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Why You Should Be Pairing Your Bourbon With Smoky Food

Whiskey glass on rock ledge surrounded by curling smoke
Whiskey glass on rock ledge surrounded by curling smoke - Ilja Enger-tsizikov /Getty Images

When folks talk about food-and-drink pairings, they're often talking about matching food with wines. There are countless books devoted to the subject and professionals whose entire careers are built on pairing wines and foods. But wine isn't the only beverage people enjoy with meals, and there's no reason that spirits like bourbon shouldn't be the focus of thoughtfully considered pairings.

Real whiskey connoisseurs can identify a multitude of specific flavor and scent notes in a pour, from vanilla and caramel to leather and tobacco, with all manner of fruity and spicy notes in between. But you don't need to have developed a palate nearly that refined if you're just looking to make delicious, interesting flavor pairings between bourbon and food. Instead, focus on the cooking method used to prepare the food -- namely, on smoking or any method that involves smoke.

Foods with smoky flavors, such as barbecue, or anything that's been grilled over charcoal, boast flavor profiles that pair brilliantly with bourbon. Smoky foods go uniquely well with bourbon because, unlike other types of whiskey, bourbon doesn't have a smoky profile. It does, however, have an oaky, woody taste, which speaks to the flavors of smoky foods, without overpowering your palate with an ashy taste.

Read more: The Ultimate Vodka Brands, Ranked

Where There's Smoke, There's Whiskey

Glass of whiskey on picnic table edge with grill in background
Glass of whiskey on picnic table edge with grill in background - Ja'crispy/Getty Images

Before trying to make any kind of food-and-alcohol pairing, it's important to understand your ingredients. Bourbon, a kind of whiskey that's distinctly American, must be made with at least 51% corn in its mash bill and can contain up to 86% corn. Bourbon must also be aged in charred new oak barrels and cannot contain any additives, colorings, or flavorings. These requirements create consistencies across bourbons: They have a degree of sweetness from the corn, and a subtle woody flavor from the charred oak barrels.

And although some char flavor from the barrels might permeate the drink, bourbon will never be as aggressively smoky as other kinds of whiskey. For example, peated whiskeys such as Scotch are distilled from malted barley dried over peat fires, and so pack a ton of smoky flavor. Pairing peated whiskeys with smoky foods is likely to overwhelm your tastebuds with an ashy aftertaste, so neither the food nor the drink will be represented at their best.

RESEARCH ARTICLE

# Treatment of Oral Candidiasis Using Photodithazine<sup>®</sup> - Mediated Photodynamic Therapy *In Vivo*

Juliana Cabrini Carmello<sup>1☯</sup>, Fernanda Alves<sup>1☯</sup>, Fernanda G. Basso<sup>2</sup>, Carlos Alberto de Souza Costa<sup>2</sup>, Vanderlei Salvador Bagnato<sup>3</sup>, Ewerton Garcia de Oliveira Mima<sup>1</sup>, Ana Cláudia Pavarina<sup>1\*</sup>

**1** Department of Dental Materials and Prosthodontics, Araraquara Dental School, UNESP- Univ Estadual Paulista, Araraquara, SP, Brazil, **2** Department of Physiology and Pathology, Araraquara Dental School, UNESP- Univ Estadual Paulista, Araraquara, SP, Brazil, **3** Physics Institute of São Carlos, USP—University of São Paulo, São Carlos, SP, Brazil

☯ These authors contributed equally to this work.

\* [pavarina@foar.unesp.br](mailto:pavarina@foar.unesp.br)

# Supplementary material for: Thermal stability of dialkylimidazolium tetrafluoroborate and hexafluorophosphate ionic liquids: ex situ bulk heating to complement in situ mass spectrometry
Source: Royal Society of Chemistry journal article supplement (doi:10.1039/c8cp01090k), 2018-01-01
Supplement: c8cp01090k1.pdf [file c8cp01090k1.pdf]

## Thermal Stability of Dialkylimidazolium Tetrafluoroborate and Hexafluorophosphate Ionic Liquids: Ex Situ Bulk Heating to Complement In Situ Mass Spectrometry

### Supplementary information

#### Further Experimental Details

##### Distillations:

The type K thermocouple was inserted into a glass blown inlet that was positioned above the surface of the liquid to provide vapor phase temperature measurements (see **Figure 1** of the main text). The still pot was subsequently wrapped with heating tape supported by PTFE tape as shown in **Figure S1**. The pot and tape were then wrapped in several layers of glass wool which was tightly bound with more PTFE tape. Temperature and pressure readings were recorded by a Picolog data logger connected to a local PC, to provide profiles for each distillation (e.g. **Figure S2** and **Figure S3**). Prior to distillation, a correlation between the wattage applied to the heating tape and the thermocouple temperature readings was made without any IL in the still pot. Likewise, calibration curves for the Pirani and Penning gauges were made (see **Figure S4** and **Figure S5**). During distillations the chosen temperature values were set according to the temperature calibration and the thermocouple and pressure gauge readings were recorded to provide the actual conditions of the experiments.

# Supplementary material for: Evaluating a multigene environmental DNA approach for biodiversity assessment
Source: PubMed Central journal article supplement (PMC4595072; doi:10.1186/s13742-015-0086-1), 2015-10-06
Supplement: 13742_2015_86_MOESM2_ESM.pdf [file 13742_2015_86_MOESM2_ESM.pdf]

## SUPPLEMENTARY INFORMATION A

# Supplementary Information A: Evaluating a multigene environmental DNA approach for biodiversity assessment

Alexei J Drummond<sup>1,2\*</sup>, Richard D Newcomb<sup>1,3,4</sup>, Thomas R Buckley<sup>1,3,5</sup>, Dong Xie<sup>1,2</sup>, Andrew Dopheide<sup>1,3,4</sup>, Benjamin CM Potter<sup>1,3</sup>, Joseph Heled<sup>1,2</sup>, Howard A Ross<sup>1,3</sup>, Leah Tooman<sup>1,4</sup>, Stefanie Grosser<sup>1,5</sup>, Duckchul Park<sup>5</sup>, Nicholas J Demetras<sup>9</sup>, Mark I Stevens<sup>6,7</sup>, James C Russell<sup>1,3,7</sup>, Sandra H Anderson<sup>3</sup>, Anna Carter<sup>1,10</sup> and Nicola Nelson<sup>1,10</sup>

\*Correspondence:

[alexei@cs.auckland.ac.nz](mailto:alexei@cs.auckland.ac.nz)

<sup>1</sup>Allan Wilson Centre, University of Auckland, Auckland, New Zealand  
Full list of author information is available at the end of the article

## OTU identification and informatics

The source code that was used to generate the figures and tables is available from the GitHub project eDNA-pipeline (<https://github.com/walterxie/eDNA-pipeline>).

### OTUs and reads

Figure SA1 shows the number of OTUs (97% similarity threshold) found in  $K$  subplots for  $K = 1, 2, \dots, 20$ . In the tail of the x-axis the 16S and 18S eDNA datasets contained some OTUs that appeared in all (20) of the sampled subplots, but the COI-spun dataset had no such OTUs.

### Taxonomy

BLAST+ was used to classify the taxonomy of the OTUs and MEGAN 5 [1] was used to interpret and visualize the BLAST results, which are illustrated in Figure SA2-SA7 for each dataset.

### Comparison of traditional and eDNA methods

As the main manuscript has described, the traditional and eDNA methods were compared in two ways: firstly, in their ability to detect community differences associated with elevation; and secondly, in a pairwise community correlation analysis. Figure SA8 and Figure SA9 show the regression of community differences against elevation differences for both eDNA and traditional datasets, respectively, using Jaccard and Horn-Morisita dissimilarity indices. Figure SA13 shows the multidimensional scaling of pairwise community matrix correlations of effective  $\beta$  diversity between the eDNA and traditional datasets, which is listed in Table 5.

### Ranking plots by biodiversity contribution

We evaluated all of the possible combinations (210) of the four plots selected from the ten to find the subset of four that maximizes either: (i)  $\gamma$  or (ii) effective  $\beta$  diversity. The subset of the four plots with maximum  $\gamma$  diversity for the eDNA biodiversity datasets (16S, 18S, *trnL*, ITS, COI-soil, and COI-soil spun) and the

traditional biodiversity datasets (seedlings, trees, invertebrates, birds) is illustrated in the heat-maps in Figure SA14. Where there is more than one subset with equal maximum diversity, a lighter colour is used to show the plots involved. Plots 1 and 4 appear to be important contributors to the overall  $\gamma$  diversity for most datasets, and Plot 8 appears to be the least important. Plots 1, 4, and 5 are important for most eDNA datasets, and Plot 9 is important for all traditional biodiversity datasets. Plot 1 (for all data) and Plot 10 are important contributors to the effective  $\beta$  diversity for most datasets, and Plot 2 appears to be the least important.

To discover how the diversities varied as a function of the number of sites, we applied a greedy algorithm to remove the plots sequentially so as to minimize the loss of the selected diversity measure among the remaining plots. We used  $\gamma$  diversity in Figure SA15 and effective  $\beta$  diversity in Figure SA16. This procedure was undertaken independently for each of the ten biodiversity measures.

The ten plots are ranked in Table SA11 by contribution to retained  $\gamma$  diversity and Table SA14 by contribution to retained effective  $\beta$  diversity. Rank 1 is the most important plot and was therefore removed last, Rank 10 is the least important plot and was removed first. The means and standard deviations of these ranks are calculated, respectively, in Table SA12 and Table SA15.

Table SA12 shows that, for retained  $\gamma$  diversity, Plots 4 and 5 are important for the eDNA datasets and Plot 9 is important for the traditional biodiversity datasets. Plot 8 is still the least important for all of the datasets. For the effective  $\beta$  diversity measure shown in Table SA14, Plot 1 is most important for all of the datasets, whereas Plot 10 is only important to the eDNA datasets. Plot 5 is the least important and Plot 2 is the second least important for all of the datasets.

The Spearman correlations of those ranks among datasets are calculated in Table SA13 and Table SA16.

Bourbon, however, being milder in this department, lets you appreciate the full bouquet of flavors. The pairing is complementary, but not matchy-matchy; the sweet corn and charred oak notes in the bourbon are in conversation with the smokiness of the food, rather than doubling down on one single flavor note. Think of it as wood, two ways.

Cue The Smokeshow

Glass of whiskey by smoked oysters and lox
Glass of whiskey by smoked oysters and lox - Gi15702993/Getty Images

Barbecue may be the first thing that comes to mind when you think of smoky-tasting foods, but it's not the only type of dish that deserves to be introduced to bourbon. Obviously just about anything grilled over charcoal or cooked in a smoker will end up permeated with smoky flavor. And although meats are probably the most common kind of food to smoke or grill, a bit of char tastes delicious on vegetables, tofu, and even some desserts. If you're not much of a grill master, that's okay -- by using foods that come already smoked, like cured meats or canned oysters, or by using pre-smoked seasonings -- think smoked (not regular) paprika or smoked salt -- you can still impart some fire-kissed flavor that will taste amazing alongside the sweet woodiness of a nice bourbon.

If you enjoy sipping the best whiskeys straight, by all means, you can create an elegant menu that pairs whiskey neat with all manner of smoky flavors; just keep in mind that over time, the sharpness of the alcohol might start to dull your taste buds, so you'll probably want the dishes to become increasingly bold in flavor. Alternatively, bourbon cocktails are pairable as well. Pay attention to the full flavor profile of a drink when picking cocktails -- the Campari in a boulevardier, for instance, is just begging to meet bittersweet chocolate, while the brightness of a mint julep provides a refreshing contrast to anything deep-fried.

Read the original article on Daily Meal.